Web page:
SYCE, s. Hind. from Ar. saïs. A groom. It is the word in universal use in the Bengal Presidency. In the South horse-keeper is more common, and in Bombay a vernacular form of the latter, viz. ghorawala (see GORAWALLAH). The Ar. verb, of which saïs is the participle, seems to be a loan-word from Syriac, sausi, ‘to coax.’

[1759.—In list of servants’ wages: “Syce, Rs. 2.”—In Long, 182.]

1779.—“The bearer and scise, when they returned, came to the place where I was, and laid hold of Mr. Ducarell. I took hold of Mr. Shee and carried him up. The bearer and scise took Mr. Ducarell out. Mr. Keeble was standing on his own house looking, and asked, ‘What is the matter?’ The bearer and scise said to Mr. Keeble, ‘These gentlemen came into the house when my master was out.’ ”—Evidence on Trial of Grand v. Francis, in Echoes of Old Calcutta, 230.

1810.—“The Syce, or groom, attends but one horse.”—Williamson, V.M. i. 254.

c. 1858?—

“Tandis que les çais veillent
les chiens rodeurs.”

Leconte de Lisle.

SYCEE, s. In China applied to pure silver bullion in ingots, or shoes (q.v.). The origin of the name is said to be si (pron. at Canton sai and sei) = sz’, i.e. ‘fine silk’; and we are told by Mr. Giles that it is so called because, if pure, it may be drawn out into fine threads. [Linschoten (1598) speaks of: “Peeces of cut silver, in which sort they pay and receive all their money” (Hak. Soc. i. 132).]

1711.—“Formerly they used to sell for Sisee, or Silver full fine; but of late the Method is alter’d.”—Lockyer, 135.


SYRIAM, n.p. A place on the Pegu R., near its confluence with the Rangoon R., six miles E. of Rangoon, and very famous in the Portuguese dealings with Pegu. The Burmese form is Than-lyeng, but probably the Talaing name was nearer that which foreigners give it. [See Burma Gazetteer, ii. 672. Mr. St John (J. R. As. Soc., 1894, p. 151) suggests the Mwn word sarang or siring, ‘a swinging cradle.’] Syriam was the site of an English factory in the 17th century, of the history of which little is known. See the quotation from Dalrymple below.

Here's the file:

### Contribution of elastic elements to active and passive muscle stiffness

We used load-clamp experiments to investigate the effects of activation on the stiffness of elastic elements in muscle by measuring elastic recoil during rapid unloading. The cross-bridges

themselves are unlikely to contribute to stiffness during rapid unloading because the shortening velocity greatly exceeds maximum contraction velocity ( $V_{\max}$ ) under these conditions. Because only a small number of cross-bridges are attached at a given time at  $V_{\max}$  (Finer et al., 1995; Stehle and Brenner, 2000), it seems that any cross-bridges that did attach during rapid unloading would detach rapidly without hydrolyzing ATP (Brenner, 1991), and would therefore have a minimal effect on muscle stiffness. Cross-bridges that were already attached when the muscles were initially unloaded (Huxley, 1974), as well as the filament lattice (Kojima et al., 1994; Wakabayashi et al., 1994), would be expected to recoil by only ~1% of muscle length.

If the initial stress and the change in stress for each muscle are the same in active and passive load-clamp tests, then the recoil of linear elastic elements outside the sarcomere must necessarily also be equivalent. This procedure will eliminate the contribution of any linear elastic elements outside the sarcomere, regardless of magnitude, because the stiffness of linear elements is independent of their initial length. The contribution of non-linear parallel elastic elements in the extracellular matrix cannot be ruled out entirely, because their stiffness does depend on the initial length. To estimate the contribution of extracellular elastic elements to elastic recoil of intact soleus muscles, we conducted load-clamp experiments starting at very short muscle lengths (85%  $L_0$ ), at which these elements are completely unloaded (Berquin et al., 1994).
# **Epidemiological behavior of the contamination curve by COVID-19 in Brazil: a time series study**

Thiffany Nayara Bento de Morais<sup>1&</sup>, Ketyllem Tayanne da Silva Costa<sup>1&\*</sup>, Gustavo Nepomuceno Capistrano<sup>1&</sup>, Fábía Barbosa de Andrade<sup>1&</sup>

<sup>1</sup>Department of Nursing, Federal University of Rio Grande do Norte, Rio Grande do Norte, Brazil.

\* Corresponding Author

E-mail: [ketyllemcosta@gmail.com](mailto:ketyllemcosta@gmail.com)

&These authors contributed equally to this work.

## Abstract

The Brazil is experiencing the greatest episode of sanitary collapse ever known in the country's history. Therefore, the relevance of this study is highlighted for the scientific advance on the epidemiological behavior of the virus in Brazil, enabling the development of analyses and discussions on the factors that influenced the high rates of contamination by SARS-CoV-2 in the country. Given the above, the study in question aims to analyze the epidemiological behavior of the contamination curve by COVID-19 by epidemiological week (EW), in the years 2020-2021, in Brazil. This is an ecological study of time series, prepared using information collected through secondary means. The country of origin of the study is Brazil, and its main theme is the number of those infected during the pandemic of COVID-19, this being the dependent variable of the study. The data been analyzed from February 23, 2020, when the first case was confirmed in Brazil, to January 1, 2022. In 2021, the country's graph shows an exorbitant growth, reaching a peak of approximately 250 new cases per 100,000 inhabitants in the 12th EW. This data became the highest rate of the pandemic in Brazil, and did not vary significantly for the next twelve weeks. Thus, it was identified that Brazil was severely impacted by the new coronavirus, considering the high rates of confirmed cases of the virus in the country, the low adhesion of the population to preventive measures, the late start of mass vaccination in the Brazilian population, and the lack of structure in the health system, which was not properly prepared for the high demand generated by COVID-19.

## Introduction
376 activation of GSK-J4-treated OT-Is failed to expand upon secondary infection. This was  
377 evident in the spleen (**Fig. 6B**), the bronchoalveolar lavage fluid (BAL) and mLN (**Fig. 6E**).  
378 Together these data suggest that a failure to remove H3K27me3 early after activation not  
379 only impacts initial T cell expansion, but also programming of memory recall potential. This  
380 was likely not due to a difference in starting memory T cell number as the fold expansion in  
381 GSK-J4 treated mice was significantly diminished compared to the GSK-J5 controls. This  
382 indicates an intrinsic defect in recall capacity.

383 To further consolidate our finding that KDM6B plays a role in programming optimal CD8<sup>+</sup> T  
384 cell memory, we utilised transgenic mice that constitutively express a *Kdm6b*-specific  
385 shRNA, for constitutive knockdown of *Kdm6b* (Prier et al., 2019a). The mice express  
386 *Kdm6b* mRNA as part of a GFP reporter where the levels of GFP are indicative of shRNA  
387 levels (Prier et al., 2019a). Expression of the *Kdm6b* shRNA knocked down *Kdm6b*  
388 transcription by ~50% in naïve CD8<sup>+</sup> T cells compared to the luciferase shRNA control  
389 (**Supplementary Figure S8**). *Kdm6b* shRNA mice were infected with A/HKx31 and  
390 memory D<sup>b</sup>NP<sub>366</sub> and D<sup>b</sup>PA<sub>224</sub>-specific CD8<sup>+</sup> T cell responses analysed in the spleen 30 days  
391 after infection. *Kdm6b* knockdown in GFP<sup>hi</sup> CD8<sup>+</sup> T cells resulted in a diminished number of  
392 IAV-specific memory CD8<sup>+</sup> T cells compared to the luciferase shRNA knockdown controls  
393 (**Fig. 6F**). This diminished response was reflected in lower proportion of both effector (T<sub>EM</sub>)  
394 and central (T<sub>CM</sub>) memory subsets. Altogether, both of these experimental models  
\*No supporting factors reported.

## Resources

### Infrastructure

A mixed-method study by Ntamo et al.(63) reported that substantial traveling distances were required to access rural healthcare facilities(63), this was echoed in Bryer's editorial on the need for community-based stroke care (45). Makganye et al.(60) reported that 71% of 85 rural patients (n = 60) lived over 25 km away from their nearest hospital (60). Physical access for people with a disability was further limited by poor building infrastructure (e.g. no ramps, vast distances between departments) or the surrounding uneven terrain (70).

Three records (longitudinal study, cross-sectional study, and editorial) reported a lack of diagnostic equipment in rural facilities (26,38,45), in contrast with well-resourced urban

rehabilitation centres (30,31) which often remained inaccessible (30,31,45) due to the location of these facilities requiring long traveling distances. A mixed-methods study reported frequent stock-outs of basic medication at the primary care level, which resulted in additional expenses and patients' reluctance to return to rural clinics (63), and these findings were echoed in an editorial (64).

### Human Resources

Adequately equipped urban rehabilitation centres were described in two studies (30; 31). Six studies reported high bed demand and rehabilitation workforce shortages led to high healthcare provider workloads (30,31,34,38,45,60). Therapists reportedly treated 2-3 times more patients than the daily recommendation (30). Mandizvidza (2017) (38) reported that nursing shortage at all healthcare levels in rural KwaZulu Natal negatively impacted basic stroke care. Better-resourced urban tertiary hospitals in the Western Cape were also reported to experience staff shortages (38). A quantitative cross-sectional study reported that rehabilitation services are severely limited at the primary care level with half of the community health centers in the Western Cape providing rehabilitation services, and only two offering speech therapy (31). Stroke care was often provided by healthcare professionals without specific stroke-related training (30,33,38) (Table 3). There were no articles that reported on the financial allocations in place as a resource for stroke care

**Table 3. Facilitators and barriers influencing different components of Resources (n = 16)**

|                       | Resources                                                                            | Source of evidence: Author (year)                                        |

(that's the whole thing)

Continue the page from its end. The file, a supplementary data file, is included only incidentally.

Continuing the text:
1587.—“To Cirion a Port of Pegu come ships from Mecca with woollen Cloth, Scarlets, Velvets, Opium, and such like.”—R. Fitch, in Hakl. ii. 393.

1600.—“I went thither with Philip Brito, and in fifteene dayes arrived at Sirian the thiefe Port in Pegu. It is a lamentable spectacle to see the bankes of the Riuers set with infinite fruit-bearing trees, now ouerwhelmed with ruines of gilded Temples. and noble edifices; the wayes and fields full of skulls and bones of wretched Peguans, killed or famished, and cast into the River in such numbers that the multitude of carkasses prohibiteth the way and passage of ships.”—The Jesuit Andrew Boves, in Purchas ii. 1748.

c. 1606.—“Philip de Brito issued an order that a custom- house should be planted at Serian (Seriào), at which duties should be paid by all the vessels of this State which went to trade with the kingdom of Pegu, and with the ports of Martavan, Tavay, Tenasserim, and Juncalon.… Now certain merchants and shipowners from the Coast of Coromandel refused obedience, and this led Philip de Brito to send a squadron of 6 ships and galliots with an imposing and excellent force of soldiers on board, that they might cruise on the coast of Tenasserim, and compel all the vessels that they met to come and pay duty at the fortress of Serian.”—Bocarro, 135.

1695.—“9th. That the Old house and Ground at Syrian, formerly belonging to the English Company, may still be continued to them, and that they may have liberty of building dwelling-houses, and warehouses, for the securing their Goods, as shall be necessary, and that more Ground be given them, if what they formerly had be not sufficient.” Petition presented to the K. of Burma at Ava, by Ed. Fleetwood; in Dalrymple, O.R. ii. 374.

1726.—Zierjang (Syriam) in Valentijn, Choro., &c., 127.

1727.—“About 60 Miles to the Eastward of China Backaar (see CHINA-BUCKEER) is the Bar of Syrian, the only port now open for Trade in all the Pegu Dominions.… It was many Years in Possession of the Portugueze, till by their Insolence and Pride they were obliged to quit it.”—A. Hamilton, ii. 31–32; [ed. 1744].

  By PanEris using Melati.

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